To achieve positive GDP growth next year, the economic sectors need to regain dynamism, as the carry-over effect will not be sufficient. If we hold October’s GDP level constant over the next few months, GDP growth in 2024 would be only 0.2%. In other words, to achieve GDP growth rates between 1.5% and 2.5%, as estimated by the authorities, the sectors will need to return to dynamism around their historical average from the beginning of 2024. The longer the economic recovery is delayed, the more uphill these forecasts will be. To this end, it is imperative to accelerate the execution of public and private investments.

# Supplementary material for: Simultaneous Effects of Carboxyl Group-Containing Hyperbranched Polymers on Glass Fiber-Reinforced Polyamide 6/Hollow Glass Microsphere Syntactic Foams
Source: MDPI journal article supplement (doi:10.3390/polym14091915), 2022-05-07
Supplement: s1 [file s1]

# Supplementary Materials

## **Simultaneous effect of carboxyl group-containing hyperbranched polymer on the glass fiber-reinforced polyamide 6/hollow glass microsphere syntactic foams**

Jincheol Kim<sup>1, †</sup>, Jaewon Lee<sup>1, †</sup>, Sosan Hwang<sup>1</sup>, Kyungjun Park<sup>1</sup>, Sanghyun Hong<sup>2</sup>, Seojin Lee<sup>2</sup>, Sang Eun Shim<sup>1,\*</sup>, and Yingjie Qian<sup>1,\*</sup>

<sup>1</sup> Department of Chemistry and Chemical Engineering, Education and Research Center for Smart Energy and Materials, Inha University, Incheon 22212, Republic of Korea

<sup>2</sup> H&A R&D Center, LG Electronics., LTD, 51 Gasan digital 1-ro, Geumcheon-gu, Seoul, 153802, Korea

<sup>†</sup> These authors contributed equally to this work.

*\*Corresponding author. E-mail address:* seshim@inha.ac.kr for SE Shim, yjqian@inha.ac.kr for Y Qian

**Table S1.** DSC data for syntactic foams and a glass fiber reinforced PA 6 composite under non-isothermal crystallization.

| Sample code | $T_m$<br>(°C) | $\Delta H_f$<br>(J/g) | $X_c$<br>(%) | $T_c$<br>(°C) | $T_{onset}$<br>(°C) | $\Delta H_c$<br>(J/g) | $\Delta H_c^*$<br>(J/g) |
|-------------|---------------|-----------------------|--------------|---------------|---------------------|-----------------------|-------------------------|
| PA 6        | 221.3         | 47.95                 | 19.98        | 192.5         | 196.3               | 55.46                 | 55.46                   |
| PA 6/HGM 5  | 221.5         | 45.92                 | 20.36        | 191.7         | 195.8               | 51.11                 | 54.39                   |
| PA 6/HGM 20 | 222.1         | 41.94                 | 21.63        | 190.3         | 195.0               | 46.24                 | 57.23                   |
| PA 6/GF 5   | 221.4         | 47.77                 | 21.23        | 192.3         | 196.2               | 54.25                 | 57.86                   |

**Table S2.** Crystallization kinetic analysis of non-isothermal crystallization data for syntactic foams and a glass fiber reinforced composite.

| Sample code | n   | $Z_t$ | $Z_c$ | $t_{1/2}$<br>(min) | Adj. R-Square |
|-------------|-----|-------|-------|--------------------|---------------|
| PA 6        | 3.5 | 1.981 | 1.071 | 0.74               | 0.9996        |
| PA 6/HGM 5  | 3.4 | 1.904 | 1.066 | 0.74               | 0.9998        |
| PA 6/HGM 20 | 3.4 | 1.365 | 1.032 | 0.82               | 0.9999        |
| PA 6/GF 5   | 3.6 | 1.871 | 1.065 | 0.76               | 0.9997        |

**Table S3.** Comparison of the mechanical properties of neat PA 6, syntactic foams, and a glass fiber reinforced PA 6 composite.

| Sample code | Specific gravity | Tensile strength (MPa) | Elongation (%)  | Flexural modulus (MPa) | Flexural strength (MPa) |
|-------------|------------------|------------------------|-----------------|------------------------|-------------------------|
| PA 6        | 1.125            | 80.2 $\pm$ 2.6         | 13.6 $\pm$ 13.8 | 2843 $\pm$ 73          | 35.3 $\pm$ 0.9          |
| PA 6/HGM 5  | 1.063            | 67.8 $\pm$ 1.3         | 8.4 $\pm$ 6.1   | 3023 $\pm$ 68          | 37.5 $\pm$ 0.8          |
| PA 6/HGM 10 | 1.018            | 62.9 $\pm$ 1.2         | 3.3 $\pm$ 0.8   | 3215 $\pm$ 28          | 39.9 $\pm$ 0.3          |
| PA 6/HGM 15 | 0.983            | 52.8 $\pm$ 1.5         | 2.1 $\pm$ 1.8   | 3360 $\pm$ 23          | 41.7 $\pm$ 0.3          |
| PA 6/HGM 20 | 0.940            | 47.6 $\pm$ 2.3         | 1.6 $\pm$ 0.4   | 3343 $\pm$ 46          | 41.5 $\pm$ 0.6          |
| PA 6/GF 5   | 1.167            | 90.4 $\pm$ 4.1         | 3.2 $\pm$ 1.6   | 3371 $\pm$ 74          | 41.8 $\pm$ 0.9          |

Public investment contracted 14.4% y/y in real terms, due to lower spending on housing subsidies and lower execution of public works. With this, capital expenditure accumulates an execution of only 57.5%, which could lead to a level of under-execution of public investment of between USD 1 and 2 bn this year, with the consequent lower job creation in sectors such as construction. Based on estimates by the Capital Goods Corporation, the peak employment required by projects in construction stages within the investment pipeline would have been reached in January 2023. After that, the lower labour requirements for existing projects would be affecting mainly the mining, real estate and public works sectors.

—Aníbal Alarcón